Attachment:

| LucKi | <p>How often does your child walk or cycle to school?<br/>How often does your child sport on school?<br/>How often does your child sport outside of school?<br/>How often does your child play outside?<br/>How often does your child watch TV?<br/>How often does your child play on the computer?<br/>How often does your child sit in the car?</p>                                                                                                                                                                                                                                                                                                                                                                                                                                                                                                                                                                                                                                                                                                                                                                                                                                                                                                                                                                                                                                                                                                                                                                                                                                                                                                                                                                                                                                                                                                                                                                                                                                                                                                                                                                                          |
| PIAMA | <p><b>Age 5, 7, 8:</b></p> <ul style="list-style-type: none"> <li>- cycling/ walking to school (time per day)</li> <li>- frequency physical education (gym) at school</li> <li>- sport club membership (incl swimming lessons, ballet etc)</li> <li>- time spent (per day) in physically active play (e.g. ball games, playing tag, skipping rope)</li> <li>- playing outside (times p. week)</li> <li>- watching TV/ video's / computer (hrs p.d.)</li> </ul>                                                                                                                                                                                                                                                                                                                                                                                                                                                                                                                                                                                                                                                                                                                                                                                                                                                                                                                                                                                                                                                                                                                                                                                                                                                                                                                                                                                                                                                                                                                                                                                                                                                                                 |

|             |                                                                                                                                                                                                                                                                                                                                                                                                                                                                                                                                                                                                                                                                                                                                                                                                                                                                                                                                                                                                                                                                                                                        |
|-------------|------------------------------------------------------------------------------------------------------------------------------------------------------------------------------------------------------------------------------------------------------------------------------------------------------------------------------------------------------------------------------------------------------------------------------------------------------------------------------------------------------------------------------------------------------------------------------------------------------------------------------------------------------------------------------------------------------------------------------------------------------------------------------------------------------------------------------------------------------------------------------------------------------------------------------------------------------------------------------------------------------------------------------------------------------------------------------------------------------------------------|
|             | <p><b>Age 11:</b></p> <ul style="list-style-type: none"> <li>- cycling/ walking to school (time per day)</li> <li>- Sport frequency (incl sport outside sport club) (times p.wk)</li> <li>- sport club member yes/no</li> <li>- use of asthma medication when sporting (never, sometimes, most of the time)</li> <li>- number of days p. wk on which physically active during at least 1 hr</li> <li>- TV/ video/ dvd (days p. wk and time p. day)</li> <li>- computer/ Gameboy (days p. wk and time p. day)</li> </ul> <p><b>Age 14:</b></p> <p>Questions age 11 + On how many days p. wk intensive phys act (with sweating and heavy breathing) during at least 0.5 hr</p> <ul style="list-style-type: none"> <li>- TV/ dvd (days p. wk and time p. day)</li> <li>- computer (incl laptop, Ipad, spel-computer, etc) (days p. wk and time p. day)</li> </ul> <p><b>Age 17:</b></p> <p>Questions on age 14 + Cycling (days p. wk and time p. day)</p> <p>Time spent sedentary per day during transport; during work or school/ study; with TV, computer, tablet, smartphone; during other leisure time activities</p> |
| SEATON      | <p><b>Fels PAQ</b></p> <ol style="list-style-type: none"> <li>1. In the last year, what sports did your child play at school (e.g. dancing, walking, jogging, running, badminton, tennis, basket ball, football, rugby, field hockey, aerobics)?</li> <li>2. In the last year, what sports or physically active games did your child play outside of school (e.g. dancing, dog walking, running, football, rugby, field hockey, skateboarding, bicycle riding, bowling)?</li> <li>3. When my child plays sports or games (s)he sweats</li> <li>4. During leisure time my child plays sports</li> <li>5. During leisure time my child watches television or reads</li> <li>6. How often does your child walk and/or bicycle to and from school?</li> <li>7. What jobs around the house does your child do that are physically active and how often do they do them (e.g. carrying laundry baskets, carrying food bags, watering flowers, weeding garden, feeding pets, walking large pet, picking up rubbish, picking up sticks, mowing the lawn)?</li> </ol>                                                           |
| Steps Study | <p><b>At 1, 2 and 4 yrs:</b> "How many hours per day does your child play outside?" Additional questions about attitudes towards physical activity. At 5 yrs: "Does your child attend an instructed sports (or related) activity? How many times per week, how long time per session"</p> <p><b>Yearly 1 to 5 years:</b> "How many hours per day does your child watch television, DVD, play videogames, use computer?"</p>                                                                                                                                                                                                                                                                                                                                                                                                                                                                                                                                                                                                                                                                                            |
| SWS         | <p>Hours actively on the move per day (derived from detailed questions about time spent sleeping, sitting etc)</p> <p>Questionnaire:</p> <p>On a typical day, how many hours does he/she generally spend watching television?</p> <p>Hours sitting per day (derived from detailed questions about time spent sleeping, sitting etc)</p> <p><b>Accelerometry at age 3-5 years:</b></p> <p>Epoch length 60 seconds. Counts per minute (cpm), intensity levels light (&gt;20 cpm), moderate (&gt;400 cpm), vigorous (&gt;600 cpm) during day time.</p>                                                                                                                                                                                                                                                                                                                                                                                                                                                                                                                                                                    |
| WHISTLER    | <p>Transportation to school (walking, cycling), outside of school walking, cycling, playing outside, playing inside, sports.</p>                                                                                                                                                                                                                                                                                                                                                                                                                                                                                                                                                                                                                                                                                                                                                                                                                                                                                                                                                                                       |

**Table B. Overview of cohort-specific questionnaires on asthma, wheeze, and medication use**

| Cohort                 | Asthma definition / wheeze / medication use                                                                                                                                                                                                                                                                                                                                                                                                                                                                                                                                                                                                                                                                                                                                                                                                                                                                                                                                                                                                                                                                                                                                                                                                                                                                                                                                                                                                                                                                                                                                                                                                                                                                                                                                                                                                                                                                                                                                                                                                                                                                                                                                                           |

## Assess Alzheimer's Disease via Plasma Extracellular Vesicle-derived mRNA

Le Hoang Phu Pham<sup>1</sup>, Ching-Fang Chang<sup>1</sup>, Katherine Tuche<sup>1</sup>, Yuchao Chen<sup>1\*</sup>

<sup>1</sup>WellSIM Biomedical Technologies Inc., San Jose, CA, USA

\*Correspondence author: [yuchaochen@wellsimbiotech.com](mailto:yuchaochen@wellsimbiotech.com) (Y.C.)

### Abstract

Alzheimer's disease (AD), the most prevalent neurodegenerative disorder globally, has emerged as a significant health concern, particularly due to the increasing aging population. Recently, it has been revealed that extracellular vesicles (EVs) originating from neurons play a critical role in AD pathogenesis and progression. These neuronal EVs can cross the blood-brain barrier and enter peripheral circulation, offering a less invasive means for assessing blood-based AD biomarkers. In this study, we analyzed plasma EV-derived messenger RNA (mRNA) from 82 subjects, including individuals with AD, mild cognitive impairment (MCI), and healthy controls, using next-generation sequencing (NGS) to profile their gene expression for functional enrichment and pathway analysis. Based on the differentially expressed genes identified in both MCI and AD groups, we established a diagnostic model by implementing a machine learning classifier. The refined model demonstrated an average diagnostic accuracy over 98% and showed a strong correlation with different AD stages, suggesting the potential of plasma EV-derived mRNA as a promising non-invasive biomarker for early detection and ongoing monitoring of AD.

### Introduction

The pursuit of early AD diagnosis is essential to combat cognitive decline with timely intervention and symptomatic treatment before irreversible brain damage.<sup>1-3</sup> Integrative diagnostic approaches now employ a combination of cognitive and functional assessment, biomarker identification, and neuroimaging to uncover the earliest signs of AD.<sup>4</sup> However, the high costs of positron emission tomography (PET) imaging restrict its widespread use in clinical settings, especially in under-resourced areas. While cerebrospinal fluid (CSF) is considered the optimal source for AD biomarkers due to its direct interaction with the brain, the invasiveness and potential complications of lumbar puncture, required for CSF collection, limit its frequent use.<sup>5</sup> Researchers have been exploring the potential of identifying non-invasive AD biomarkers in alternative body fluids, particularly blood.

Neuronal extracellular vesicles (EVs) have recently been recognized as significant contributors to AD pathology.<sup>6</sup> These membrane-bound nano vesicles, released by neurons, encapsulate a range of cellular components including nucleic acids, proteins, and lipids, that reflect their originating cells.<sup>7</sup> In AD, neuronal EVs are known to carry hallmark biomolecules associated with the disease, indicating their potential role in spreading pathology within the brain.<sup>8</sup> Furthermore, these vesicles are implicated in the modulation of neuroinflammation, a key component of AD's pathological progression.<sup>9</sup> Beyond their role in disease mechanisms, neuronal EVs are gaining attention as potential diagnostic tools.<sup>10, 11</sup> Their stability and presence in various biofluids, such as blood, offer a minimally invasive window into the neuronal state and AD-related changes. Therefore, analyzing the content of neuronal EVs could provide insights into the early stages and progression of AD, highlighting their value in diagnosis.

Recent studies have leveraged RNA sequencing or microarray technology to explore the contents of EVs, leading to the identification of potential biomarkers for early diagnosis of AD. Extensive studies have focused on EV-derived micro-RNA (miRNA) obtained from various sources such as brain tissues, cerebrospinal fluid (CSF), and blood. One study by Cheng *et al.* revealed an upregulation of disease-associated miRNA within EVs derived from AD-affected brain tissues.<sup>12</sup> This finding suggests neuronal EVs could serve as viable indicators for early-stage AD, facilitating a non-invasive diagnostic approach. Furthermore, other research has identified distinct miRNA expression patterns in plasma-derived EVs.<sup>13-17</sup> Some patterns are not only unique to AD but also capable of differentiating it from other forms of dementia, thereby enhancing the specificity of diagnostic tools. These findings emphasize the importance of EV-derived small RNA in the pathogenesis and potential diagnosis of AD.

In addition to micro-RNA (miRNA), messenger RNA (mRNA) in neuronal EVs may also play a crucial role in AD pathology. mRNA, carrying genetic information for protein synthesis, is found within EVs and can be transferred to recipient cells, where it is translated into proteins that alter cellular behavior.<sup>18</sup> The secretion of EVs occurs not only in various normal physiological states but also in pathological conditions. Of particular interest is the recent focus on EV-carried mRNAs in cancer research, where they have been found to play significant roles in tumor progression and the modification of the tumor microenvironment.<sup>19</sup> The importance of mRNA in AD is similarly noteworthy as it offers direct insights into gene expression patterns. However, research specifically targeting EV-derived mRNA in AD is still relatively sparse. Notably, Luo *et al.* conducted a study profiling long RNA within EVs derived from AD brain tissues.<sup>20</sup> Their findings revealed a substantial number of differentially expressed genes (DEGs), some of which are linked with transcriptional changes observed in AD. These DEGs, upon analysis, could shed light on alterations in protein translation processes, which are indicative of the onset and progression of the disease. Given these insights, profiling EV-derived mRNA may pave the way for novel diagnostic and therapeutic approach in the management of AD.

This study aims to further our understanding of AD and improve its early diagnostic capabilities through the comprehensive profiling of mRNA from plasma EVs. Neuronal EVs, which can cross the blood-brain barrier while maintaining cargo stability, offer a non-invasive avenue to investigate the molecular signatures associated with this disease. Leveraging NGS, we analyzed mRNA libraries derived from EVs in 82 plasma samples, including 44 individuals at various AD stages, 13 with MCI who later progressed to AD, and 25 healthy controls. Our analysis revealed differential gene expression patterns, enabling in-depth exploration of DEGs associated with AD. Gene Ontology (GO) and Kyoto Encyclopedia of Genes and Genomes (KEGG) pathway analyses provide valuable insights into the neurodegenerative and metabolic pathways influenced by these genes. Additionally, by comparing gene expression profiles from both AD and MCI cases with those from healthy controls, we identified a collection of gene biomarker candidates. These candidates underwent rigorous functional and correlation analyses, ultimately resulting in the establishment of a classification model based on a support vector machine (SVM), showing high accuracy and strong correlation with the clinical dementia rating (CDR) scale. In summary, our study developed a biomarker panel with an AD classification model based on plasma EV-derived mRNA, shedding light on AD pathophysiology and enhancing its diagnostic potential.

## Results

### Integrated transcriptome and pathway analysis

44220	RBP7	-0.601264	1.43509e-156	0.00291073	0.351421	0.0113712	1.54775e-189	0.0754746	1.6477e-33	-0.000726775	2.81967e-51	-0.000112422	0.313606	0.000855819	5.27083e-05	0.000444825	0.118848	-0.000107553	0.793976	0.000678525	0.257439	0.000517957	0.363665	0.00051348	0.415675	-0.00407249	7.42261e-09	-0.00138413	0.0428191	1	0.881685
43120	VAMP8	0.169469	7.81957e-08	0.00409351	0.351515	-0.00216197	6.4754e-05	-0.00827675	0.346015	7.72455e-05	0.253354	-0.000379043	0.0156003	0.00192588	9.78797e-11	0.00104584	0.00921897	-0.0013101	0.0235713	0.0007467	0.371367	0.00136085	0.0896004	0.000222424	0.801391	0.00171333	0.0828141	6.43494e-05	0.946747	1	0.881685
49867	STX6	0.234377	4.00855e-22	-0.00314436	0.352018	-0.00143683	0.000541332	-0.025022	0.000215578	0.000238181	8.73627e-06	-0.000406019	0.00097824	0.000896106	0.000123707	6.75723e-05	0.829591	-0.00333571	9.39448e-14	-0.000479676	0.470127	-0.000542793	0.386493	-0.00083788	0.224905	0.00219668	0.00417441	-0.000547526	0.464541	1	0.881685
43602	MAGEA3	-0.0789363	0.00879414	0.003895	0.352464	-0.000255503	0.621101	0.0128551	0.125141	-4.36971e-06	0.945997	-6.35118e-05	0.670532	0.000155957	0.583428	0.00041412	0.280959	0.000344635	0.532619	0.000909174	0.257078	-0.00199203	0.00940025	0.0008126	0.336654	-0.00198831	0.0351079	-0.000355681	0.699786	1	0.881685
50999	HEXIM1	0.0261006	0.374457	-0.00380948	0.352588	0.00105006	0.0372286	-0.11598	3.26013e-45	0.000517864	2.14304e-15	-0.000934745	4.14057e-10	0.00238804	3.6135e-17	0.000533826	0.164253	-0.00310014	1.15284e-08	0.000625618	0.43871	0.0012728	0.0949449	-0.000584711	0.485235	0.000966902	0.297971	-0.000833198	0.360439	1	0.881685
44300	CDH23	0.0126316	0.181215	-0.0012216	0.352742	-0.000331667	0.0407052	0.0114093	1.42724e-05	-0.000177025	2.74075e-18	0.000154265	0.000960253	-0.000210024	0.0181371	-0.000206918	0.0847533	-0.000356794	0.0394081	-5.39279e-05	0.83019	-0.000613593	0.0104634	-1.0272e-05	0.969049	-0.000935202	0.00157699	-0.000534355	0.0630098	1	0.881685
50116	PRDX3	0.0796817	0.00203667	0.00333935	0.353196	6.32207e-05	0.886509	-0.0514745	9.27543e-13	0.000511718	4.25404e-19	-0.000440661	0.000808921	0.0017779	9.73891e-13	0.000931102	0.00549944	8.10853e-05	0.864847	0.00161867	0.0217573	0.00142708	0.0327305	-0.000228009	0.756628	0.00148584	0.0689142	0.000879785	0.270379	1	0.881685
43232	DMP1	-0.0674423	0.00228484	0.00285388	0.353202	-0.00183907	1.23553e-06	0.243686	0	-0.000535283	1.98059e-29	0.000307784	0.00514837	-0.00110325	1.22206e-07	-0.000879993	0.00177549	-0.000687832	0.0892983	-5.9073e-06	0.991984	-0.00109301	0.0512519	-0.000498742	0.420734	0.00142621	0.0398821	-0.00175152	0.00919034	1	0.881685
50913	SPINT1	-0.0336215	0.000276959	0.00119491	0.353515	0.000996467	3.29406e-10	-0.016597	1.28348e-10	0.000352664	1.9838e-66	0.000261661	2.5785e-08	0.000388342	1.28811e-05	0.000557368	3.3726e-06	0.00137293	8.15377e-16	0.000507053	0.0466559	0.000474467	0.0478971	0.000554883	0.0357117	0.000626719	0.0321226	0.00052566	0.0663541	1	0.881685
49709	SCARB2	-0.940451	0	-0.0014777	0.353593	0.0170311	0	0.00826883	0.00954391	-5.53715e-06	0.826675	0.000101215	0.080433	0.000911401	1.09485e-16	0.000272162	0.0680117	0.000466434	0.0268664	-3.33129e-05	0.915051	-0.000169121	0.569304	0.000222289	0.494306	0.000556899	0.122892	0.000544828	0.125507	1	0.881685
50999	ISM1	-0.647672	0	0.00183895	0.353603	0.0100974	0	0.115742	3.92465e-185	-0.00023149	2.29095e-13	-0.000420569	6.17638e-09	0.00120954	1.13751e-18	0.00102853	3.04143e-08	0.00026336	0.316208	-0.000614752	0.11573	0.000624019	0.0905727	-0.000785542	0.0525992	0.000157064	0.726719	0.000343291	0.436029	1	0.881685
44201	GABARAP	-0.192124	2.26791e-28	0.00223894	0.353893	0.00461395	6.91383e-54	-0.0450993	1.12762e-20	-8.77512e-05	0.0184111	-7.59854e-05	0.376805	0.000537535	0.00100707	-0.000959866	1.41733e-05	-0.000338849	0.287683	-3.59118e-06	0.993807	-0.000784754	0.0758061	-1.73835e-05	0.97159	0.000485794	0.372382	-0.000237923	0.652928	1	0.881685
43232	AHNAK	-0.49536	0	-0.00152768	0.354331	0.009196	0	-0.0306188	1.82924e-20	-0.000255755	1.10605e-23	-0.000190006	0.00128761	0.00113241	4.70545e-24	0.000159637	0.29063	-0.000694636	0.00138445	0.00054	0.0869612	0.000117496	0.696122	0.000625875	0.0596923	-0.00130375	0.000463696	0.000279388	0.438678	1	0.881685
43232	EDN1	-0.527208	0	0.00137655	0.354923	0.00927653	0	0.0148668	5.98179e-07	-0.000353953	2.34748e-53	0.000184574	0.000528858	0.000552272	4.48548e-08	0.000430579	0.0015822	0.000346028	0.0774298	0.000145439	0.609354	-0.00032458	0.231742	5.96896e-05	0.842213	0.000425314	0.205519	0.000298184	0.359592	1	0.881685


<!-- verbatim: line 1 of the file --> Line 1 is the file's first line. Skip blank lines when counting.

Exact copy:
| LucKi | <p>How often does your child walk or cycle to school?<br/>How often does your child sport on school?<br/>How often does your child sport outside of school?<br/>How often does your child play outside?<br/>How often does your child watch TV?<br/>How often does your child play on the computer?<br/>How often does your child sit in the car?</p>                                                                                                                                                                                                                                                                                                                                                                                                                                                                                                                                                                                                                                                                                                                                                                                                                                                                                                                                                                                                                                                                                                                                                                                                                                                                                                                                                                                                                                                                                                                                                                                                                                                                                                                                                                                          |